The media messages we are exposed to every day focus on the misery, tragedy, suffering and despair of innocent people around the world. While it's hard not get depressed about this, I do sometimes  wonder if this singular focus is really just a ploy to detract our attention from serious issues here at home. The truth of the matter is that - though it is hard to see with all of the million dollar homes sprouting up like weeds, the iPhone 6 Pluses selling out in an hour and the luxury cars on the road - there are people here in Canada barely making ends meet.

Last night, as a volunteer of Junior League Edmonton - which is a chapter of a larger organization of women working together to build communities around North America - we devoted our time to helping strengthen the Early Riser's program at Dunluce Elementary School.

The Early Riser's program operates before school  hours early in the morning and provides extra reading support to children falling below the standard level of reading competence. The teachers have found that many of the children participating in the program come with growling tummies in the morning. Many are sent from home without breakfast, and some without much dinner, either. One teacher remarked that back-to-school shopping for these children is done at Value Village. That is a very different reality to children in other neighbourhoods of Edmonton.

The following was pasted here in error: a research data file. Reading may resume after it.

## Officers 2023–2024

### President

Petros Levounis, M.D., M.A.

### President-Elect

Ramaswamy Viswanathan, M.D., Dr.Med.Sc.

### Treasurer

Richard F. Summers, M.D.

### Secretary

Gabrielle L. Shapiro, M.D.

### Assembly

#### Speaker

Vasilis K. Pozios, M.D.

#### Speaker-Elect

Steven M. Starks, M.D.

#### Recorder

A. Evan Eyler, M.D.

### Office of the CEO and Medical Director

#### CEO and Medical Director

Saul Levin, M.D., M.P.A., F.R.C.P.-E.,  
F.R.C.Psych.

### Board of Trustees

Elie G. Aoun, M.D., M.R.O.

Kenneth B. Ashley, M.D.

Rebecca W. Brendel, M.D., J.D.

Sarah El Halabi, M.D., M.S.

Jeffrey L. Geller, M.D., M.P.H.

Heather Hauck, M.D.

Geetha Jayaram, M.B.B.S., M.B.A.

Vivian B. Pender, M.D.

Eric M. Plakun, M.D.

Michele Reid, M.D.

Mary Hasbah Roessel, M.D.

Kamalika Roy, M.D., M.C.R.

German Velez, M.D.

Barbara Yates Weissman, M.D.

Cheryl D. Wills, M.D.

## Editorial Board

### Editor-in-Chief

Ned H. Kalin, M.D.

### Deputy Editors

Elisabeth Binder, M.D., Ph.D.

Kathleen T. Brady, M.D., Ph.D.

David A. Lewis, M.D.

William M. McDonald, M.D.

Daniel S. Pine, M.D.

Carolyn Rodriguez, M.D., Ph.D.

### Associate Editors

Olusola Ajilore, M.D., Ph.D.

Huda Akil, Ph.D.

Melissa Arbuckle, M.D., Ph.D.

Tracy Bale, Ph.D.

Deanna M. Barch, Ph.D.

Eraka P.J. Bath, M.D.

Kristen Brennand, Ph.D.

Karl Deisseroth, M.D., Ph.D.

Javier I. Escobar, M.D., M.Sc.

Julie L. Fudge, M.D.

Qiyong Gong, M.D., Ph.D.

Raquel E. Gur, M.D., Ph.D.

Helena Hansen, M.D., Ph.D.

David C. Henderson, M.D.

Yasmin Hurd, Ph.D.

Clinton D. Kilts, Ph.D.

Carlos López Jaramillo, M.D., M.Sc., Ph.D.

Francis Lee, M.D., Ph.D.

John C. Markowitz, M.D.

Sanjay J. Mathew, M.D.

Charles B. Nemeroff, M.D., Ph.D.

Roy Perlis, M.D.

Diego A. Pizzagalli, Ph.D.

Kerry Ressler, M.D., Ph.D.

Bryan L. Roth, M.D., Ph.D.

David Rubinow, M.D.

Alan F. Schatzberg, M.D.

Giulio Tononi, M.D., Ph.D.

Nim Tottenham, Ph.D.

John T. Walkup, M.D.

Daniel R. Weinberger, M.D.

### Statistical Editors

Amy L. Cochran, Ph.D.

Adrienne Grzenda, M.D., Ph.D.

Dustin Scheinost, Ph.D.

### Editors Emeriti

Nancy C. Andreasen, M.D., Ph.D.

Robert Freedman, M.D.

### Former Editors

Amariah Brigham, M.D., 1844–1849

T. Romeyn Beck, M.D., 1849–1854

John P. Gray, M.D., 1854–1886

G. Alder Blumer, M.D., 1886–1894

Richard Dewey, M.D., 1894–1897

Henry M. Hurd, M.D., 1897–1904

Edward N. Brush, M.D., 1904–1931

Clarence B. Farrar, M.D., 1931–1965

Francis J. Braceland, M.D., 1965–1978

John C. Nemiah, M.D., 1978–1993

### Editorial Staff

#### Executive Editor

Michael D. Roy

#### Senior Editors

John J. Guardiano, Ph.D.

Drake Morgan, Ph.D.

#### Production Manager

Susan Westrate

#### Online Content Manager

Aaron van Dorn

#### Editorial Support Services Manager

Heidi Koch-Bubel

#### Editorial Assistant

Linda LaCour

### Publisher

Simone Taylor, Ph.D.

The Junior League ladies got together and baked over 700 muffins for the Early Risers program, to supplement the cereal, fresh fruit and smoothies that are enjoyed at the end of each reading session.

I'm often asked the question of why I get so concerned about children overseas when there is nothing we can do. Well, I disagree that there is nothing we can do, but working to strengthen our communities right here at home is something that each and every one of us can do.